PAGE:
Water represents, perhaps uniquely, an economic, societal and environmental risk, with the World Economic Forum citing ‘water crises’ as among the most pressing global risks in terms of impact (2017 Global Risk Report).
Lack of water has an immediate and catastrophic impact on human, societal and economic viability. Globally, water use is growing at twice the rate of population growth and is already unsustainable, not least, as population growth is at its strongest in areas of acute water shortage or stress, such as parts of Asia and North Africa.
A business risk
Industry and commerce are wholly dependent on a reliable source of water to ensure manufacturing processes are not interrupted. In many cases, water is a ‘shared resource’ with indigenous communities requiring thoughtful withdrawal and use. The CDP water survey is a helpful snapshot in illustrating how water shortages are already impacting business. Over a quarter of companies said they had experienced detrimental impacts from water risk already, and over half expected water restrictions to impact operations within the next six years. Over half of those responding had also set targets and goals to reduce the impact of water stress.
Risks arise from the direct use of process water in manufacturing (e.g. semi-conductors or beverages) and through the supply chain. Companies sourcing fresh or water intense commodity crops (such as cotton) are particularly exposed. In industry, mining, power generation and electronics require a generous water supply; for instance mining companies can use between 800 and 3,000 gallons of water to extract and process coal; up to 6,000 gallons of water may be needed to make one tonne of paper in the least efficient plants.
Unlike carbon though, water has been slow to gain the attention of company management and only a relatively small minority of companies have begun to develop appropriate responses to a risk this acute.
Counteracting water scarcity
However, the water demand-supply imbalance also presents opportunities, especially via technology and engineering plays, and through solutions such as desalination, smart-metering, variable pumps and improved recovery and leakage reduction. There are opportunities too in brackish water recovery in the oil and gas sector, where the US alone produces 800bn gallons a year. Dry cooling power systems require around 90 per cent less water, and improved solutions are already being seen in water treatment, testing, piping and leak detection.
Strongest growth is expected to be seen in the process control and management segment, whilst regulated utilities continue to exhibit strong cash-flow and dividend yield. McKinsey & Co. has estimated that between now and 2030, $7.5 trillion of investment is needed globally to keep pace with demand forecasts, to respond to climate change, and to replace life-expired infrastructure. The total water market is put at $625bn, with the World Economic Forum (WEF) saying that for every $1 of investment, an economic return of between 5-25 per cent is generated. We view the substantial water value chain as presenting significant investment and sustainability opportunities, going far beyond well-known water utilities such as Severn Trent, United Utilities or Pennon Group.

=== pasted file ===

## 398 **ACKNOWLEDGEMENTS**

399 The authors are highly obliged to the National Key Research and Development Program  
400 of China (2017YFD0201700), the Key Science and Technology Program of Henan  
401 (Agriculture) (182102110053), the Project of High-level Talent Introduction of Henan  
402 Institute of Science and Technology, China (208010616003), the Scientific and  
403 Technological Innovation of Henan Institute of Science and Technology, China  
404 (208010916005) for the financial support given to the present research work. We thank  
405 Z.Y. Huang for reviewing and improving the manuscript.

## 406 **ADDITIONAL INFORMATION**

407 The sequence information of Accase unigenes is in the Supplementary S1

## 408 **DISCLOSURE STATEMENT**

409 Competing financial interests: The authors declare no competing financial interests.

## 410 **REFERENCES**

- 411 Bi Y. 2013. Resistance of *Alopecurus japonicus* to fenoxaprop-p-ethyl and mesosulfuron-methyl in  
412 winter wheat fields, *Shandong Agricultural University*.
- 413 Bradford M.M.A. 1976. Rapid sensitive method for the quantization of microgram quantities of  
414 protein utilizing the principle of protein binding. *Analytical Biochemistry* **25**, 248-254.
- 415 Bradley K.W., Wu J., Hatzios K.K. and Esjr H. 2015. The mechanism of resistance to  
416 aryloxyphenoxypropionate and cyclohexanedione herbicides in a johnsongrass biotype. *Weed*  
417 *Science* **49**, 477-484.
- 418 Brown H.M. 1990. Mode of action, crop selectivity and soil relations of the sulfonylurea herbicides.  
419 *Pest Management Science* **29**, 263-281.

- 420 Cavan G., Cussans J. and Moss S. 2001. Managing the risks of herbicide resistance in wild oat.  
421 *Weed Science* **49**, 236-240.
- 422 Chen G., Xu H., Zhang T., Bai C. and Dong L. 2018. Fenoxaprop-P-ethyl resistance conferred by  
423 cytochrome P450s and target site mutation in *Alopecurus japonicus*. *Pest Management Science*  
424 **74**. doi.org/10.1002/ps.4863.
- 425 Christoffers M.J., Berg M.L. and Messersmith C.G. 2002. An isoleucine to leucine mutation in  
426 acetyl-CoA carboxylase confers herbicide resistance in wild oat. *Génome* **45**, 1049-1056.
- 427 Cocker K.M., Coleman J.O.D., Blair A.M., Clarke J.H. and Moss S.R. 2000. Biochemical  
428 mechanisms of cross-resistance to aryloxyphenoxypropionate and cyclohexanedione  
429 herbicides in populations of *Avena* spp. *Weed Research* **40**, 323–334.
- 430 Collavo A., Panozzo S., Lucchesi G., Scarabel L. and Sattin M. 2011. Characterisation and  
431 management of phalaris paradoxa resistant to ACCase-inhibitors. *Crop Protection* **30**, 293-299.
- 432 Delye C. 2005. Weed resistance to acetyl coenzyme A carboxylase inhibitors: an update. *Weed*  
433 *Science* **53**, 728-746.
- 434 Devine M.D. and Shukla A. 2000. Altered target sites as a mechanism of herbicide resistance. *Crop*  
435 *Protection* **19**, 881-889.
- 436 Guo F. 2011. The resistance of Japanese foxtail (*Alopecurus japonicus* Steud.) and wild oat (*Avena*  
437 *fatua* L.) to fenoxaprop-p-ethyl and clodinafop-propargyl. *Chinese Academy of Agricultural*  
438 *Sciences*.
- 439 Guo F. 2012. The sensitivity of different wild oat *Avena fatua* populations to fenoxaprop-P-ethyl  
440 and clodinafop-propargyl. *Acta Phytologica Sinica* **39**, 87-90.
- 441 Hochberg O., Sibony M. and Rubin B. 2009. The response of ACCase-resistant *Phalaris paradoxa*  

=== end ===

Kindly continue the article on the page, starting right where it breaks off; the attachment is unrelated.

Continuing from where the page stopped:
Investing in innovative water solutions
We believe there are compelling investment opportunities in companies providing solutions to resource scarcity across the water sector, driven by five long term trends: inadequate supply of water; increasing demand driven by population growth industrialisation and urbanisation; increasing regulation and government support, and increasing investment in infrastructure to address urgent global need; and increasing investment in technology solutions to facilitate more efficient use of resources.
EdenTree is well represented across the value chain. We hold Impax Environmental Markets (in the Amity UK Fund) which is a Fund investing in long-term macro-economic themes including water. Water scarcity presents strong opportunities in industries focused on water conservation, accessibility and affordability. Analytical equipment, piping, metering, purification and testing are key areas of potential growth. The global science and technology innovator Danaher Corporation, which is focused on improving quality of life around the world, including its leading role in water testing equipment is just one such company.
Elsewhere there has been a renaissance in desalination technology, which is now at scale globally, driven by urgent necessity in regions such as India, Israel the Middle East and southern Europe. Spanish infrastructure giant Acciona is a leader in the desalination space that we particularly like. Advances in filtration and membrane technology are replacing chemicals, and ultraviolet disinfection is replacing the use of chlorine in water purification treatment.
Leakage is known to be a particular challenge in developed markets where infrastructure is ageing, and in the developing world owing to poor or substandard installation. It is estimated that 1.7 trillion gallons are lost annually in developing urban environments according to the US Geological Survey. Companies with proprietary technology reducing leakage play an important role in preserving limited resource. Companies such as Pure Technologies, Mueller Water and Pentair operate in this well-developed space.
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